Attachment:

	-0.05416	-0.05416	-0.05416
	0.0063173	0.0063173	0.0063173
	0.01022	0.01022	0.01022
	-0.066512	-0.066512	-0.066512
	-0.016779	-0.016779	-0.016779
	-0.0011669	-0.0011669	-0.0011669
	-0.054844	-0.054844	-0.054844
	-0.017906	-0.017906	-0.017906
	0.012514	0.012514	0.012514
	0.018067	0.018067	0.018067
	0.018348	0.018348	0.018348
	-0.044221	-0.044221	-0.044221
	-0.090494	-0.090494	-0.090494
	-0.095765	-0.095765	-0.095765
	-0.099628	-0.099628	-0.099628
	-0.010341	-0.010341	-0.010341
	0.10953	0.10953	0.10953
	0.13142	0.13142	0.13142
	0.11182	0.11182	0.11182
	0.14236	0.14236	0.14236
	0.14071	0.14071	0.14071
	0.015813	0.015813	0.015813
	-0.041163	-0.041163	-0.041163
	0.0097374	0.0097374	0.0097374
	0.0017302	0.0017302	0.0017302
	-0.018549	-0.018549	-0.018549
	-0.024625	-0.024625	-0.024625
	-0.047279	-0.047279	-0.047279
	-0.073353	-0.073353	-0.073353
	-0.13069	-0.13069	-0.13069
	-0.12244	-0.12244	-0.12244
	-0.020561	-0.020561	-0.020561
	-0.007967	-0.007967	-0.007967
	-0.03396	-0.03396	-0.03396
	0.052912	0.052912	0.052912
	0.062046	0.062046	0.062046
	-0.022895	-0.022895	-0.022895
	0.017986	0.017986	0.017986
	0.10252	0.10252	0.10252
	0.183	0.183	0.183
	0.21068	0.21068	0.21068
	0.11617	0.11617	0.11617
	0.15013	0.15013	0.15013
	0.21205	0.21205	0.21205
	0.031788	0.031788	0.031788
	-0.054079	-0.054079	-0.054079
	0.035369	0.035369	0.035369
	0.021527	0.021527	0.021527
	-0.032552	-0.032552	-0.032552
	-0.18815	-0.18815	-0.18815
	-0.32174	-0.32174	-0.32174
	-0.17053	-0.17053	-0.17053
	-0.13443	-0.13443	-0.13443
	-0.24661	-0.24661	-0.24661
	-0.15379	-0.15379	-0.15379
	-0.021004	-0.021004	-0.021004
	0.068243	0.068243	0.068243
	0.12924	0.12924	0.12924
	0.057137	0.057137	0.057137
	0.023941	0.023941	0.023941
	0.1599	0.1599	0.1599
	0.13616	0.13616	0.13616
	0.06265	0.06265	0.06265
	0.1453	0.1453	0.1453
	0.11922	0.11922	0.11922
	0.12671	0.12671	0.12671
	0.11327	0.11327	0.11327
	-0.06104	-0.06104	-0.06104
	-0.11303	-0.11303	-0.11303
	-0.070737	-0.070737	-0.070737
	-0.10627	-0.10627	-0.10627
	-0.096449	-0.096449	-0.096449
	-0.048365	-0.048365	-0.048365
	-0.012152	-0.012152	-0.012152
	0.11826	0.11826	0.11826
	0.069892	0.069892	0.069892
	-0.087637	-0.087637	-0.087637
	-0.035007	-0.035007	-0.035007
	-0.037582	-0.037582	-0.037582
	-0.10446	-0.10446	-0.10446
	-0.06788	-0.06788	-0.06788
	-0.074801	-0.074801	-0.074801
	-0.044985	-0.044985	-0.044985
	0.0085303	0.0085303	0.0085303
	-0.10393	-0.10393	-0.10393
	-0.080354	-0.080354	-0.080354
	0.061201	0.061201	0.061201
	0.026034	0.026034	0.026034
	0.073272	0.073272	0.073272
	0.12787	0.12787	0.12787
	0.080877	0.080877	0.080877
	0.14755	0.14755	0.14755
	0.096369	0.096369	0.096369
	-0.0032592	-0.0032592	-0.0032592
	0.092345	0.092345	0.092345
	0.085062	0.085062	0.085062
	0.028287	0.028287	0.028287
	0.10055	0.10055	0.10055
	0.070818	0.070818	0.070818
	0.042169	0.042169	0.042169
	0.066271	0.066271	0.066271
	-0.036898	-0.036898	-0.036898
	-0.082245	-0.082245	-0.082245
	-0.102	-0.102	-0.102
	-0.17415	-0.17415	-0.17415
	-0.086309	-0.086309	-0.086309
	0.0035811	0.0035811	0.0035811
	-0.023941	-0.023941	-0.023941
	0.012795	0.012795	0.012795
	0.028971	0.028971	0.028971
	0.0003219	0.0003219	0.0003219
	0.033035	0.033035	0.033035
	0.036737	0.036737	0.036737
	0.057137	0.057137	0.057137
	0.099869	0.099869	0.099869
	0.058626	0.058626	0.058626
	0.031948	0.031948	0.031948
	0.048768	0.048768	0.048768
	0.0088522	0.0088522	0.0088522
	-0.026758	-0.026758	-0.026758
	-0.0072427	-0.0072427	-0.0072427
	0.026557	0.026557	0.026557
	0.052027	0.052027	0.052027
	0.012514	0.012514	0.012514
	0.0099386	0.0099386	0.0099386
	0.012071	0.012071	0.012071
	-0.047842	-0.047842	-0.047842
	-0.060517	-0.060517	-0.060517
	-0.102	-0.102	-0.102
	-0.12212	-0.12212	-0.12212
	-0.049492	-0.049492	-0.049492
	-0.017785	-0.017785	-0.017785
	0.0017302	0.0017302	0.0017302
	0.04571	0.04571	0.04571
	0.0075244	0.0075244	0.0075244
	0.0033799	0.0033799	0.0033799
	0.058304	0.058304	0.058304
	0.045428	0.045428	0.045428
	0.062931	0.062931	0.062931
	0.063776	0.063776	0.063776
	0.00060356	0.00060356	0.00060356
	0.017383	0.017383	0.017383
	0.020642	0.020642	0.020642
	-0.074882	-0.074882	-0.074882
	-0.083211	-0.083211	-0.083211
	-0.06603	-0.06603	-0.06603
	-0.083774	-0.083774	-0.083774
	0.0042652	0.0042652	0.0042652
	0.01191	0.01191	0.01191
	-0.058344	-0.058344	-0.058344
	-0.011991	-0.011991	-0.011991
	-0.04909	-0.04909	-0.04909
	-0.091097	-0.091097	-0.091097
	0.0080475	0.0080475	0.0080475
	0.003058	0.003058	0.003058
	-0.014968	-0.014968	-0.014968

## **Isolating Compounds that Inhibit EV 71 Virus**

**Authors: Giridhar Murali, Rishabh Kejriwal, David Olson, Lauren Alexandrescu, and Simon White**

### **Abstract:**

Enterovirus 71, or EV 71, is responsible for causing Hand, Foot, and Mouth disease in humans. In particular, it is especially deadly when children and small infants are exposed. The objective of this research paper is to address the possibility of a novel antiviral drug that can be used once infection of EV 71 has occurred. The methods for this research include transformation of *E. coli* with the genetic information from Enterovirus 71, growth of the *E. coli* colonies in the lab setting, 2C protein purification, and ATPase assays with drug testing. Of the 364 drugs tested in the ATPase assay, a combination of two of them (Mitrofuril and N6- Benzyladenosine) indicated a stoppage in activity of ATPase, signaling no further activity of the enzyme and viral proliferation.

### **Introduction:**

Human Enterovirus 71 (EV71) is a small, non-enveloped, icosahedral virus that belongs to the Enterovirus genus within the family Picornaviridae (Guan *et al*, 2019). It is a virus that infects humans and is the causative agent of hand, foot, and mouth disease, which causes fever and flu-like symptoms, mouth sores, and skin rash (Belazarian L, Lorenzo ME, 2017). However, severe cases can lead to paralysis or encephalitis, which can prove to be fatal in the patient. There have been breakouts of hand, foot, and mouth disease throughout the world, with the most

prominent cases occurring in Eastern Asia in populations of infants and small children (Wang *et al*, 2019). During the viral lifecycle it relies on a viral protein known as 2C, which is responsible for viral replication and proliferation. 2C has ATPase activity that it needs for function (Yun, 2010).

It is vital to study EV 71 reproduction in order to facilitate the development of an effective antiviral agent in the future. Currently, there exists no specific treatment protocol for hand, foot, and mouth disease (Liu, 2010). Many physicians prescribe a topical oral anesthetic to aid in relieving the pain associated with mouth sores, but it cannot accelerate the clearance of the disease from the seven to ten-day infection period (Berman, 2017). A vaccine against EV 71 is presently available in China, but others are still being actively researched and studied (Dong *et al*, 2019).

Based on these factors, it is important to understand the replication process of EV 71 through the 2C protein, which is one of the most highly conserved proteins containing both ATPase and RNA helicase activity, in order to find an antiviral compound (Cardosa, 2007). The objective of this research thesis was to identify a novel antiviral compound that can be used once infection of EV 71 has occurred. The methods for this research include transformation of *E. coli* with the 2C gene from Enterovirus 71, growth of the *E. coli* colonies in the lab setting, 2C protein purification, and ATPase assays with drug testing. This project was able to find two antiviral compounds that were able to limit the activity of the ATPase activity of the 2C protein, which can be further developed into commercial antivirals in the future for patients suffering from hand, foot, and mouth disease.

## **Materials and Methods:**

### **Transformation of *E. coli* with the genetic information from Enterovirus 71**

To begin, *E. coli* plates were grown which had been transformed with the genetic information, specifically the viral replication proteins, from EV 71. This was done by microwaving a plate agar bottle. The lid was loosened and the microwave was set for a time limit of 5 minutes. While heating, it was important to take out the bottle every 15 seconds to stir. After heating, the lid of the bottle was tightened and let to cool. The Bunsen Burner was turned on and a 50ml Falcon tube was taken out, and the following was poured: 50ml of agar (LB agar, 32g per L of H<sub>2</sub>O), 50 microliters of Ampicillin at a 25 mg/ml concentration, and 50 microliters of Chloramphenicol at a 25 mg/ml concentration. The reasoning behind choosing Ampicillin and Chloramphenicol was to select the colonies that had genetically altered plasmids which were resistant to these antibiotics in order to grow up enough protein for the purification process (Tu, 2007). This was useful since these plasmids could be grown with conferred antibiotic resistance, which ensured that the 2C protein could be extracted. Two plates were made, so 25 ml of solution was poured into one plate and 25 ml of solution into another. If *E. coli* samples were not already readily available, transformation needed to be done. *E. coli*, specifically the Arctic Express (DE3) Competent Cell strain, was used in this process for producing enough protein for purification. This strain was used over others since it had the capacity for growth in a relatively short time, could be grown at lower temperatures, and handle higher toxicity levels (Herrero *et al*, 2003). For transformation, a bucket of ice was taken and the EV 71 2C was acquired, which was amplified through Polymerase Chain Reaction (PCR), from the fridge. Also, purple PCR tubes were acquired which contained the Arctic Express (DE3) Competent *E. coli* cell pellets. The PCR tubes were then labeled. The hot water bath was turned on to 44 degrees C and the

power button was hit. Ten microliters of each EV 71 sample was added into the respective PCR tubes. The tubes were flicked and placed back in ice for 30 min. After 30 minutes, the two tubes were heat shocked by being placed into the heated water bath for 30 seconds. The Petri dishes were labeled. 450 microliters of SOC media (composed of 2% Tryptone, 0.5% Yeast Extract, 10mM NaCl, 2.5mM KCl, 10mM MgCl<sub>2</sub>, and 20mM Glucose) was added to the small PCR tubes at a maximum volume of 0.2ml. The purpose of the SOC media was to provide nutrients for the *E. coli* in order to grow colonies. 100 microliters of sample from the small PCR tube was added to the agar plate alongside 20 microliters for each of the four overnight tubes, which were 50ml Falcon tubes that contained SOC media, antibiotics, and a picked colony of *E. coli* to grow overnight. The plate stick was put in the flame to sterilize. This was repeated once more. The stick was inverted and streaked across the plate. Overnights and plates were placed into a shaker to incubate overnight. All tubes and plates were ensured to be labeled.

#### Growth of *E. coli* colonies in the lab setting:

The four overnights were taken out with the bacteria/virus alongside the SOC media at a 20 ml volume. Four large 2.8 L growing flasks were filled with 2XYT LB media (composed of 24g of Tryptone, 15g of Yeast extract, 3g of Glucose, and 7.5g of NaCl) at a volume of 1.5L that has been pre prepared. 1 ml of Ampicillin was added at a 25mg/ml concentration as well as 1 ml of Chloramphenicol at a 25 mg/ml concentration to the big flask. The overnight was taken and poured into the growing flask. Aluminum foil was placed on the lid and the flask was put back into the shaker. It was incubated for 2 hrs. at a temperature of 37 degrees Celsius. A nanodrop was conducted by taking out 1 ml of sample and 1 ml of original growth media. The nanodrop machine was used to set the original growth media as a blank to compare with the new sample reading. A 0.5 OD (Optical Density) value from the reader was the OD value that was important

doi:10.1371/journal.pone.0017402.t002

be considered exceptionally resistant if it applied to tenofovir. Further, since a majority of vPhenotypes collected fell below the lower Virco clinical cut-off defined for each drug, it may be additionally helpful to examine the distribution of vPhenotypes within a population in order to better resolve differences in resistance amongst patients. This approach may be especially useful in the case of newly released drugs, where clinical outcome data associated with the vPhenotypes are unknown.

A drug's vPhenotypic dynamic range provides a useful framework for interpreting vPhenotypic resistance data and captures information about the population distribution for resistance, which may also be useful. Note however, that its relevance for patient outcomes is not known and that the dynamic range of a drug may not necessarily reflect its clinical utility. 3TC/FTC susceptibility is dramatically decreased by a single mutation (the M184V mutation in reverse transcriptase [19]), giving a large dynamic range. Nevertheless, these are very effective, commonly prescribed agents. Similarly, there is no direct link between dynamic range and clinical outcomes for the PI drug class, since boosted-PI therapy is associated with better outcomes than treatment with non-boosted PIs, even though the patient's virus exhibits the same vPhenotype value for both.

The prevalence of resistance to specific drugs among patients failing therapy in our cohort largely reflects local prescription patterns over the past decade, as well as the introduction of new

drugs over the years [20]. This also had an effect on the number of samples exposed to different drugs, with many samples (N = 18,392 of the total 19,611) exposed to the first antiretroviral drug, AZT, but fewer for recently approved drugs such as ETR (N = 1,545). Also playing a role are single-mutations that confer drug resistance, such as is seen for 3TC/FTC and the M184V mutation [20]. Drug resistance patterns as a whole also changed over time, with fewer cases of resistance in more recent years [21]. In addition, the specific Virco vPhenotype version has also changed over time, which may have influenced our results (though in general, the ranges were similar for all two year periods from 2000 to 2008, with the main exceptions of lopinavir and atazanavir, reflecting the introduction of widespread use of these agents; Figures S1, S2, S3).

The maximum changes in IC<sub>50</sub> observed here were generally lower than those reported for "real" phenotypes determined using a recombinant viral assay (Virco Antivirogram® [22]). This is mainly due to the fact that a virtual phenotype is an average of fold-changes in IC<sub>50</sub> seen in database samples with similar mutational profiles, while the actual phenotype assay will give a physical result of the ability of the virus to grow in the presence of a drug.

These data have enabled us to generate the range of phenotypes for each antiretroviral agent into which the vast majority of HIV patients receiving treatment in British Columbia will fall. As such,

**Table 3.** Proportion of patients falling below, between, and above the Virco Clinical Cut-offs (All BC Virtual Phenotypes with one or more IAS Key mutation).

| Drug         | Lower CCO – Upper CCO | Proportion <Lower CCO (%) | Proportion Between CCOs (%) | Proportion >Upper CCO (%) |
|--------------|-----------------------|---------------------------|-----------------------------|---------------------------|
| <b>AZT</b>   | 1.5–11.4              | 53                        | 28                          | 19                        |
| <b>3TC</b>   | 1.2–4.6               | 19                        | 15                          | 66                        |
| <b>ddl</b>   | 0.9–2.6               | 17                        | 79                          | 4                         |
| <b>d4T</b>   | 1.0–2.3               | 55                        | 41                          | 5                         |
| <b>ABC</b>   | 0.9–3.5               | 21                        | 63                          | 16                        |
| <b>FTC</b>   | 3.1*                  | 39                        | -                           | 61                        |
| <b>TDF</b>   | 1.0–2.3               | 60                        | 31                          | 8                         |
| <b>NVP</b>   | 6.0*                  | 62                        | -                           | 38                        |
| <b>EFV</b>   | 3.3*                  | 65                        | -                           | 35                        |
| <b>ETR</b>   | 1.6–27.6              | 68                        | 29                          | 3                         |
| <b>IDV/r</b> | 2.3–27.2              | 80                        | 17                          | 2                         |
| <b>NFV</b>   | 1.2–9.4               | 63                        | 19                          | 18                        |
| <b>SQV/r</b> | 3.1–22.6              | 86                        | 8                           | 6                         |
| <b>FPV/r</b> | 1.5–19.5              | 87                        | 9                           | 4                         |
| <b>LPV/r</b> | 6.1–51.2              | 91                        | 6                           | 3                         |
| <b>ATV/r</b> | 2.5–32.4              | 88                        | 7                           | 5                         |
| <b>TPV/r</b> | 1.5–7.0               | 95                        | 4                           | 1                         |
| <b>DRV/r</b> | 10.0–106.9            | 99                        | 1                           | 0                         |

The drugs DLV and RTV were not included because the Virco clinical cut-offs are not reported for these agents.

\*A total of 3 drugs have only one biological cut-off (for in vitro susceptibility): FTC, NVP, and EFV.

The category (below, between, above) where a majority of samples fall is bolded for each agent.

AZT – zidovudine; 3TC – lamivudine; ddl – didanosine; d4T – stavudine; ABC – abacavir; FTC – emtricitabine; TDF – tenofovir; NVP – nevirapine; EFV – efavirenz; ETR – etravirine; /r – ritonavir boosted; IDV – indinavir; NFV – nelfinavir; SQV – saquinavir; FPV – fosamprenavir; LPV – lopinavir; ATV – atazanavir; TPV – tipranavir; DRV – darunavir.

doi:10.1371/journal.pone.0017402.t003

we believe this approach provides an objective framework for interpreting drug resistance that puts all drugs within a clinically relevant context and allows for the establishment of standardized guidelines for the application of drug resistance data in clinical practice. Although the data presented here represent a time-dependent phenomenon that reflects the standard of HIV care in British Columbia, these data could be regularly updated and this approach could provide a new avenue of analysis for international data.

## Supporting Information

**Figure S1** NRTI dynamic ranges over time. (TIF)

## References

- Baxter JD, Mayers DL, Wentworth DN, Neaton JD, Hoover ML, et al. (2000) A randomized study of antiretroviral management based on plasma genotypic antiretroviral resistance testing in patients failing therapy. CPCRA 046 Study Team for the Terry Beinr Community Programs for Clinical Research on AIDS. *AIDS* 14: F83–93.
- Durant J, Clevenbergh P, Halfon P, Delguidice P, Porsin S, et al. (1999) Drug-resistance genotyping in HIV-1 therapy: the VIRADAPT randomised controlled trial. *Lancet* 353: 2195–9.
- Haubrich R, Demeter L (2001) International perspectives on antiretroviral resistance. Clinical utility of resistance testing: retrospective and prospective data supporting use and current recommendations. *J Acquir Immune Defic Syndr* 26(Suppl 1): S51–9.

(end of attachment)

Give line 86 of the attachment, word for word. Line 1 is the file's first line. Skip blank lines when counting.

	-0.080354	-0.080354	-0.080354